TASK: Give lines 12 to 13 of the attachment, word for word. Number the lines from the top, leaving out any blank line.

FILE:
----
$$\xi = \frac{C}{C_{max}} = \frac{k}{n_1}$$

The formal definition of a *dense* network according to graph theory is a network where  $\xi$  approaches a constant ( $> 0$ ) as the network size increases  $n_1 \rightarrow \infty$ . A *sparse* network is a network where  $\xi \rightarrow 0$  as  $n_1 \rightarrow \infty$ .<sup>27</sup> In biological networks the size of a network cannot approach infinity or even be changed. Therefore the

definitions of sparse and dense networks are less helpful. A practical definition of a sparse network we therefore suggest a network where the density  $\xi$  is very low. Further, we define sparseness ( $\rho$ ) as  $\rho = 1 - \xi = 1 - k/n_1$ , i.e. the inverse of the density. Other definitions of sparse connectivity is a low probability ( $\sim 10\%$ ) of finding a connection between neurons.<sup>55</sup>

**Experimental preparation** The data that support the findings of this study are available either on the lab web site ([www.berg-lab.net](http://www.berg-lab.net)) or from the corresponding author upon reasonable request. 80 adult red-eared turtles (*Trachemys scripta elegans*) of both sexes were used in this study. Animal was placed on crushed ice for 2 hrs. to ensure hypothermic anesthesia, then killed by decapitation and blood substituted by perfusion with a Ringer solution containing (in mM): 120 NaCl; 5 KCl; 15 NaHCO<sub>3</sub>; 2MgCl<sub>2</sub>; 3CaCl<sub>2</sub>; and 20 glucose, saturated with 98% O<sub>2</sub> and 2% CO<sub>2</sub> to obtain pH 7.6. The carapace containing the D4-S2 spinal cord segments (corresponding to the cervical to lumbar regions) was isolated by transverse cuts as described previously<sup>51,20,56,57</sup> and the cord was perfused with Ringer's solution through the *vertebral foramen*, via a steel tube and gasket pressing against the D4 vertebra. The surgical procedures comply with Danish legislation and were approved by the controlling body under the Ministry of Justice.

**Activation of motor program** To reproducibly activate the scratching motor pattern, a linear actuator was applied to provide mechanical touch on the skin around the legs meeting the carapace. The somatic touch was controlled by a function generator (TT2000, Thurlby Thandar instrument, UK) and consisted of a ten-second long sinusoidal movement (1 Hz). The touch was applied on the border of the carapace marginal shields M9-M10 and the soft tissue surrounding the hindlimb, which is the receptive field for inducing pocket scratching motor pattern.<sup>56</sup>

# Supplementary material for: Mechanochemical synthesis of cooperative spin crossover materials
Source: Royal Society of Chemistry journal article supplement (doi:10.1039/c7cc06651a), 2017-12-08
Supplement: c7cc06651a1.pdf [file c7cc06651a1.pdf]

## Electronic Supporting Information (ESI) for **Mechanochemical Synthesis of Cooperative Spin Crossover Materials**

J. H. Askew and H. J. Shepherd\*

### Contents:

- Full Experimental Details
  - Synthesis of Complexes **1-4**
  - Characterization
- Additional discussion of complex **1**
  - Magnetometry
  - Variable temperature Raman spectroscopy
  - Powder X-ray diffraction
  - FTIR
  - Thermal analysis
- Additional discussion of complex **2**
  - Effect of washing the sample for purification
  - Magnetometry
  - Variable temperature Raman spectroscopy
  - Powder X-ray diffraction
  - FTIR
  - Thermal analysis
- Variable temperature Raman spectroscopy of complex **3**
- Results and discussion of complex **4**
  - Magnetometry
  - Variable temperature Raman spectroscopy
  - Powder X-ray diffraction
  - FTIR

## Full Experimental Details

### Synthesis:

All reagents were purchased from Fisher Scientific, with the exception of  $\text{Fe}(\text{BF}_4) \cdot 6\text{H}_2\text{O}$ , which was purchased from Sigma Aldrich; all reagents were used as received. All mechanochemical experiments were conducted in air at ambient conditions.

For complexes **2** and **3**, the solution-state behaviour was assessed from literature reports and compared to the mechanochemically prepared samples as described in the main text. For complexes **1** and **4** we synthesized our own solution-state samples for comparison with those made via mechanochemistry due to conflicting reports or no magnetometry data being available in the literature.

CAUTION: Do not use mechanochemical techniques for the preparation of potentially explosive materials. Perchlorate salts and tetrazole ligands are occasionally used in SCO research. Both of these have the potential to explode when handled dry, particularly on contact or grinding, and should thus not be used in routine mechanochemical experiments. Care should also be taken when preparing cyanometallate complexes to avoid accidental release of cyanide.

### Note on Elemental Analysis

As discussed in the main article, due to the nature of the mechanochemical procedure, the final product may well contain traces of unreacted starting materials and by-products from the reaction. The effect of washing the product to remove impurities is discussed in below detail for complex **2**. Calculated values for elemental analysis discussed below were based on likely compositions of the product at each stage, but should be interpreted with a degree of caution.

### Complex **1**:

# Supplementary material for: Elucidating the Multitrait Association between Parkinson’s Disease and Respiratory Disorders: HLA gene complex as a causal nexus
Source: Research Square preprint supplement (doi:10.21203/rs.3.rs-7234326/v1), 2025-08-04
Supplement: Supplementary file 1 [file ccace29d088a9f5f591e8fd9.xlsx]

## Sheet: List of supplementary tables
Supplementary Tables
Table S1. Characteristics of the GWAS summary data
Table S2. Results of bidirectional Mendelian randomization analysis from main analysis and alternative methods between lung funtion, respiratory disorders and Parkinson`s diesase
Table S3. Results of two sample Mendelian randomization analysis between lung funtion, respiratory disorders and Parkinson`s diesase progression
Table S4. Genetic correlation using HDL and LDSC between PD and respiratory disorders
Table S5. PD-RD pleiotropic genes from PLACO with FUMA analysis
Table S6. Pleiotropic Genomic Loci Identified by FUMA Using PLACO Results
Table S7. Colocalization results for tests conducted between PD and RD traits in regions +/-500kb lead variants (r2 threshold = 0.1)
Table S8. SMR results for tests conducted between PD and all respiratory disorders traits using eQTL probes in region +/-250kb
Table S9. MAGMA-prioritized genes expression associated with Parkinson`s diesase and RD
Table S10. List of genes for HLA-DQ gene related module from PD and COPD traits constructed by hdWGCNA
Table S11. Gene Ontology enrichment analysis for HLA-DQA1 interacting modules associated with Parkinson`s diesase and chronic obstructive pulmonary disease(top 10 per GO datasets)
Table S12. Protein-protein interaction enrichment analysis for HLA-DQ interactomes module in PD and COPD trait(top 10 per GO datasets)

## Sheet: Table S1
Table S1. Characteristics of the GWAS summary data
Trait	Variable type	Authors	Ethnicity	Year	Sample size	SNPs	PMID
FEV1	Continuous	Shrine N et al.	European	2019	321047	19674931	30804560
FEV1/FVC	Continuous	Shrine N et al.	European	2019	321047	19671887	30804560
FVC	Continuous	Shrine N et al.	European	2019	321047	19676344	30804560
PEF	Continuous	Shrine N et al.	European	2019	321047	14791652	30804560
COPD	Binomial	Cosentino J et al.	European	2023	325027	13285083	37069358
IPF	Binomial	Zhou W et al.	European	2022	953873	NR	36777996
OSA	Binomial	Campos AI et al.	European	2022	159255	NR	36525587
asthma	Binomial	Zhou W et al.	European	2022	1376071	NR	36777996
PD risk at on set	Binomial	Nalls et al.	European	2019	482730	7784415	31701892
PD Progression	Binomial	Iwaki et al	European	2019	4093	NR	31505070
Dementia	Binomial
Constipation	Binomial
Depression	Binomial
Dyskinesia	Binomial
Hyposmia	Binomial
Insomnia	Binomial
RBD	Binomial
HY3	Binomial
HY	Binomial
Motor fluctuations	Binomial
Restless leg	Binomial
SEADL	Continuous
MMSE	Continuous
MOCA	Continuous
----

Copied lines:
- Full Experimental Details
  - Synthesis of Complexes **1-4**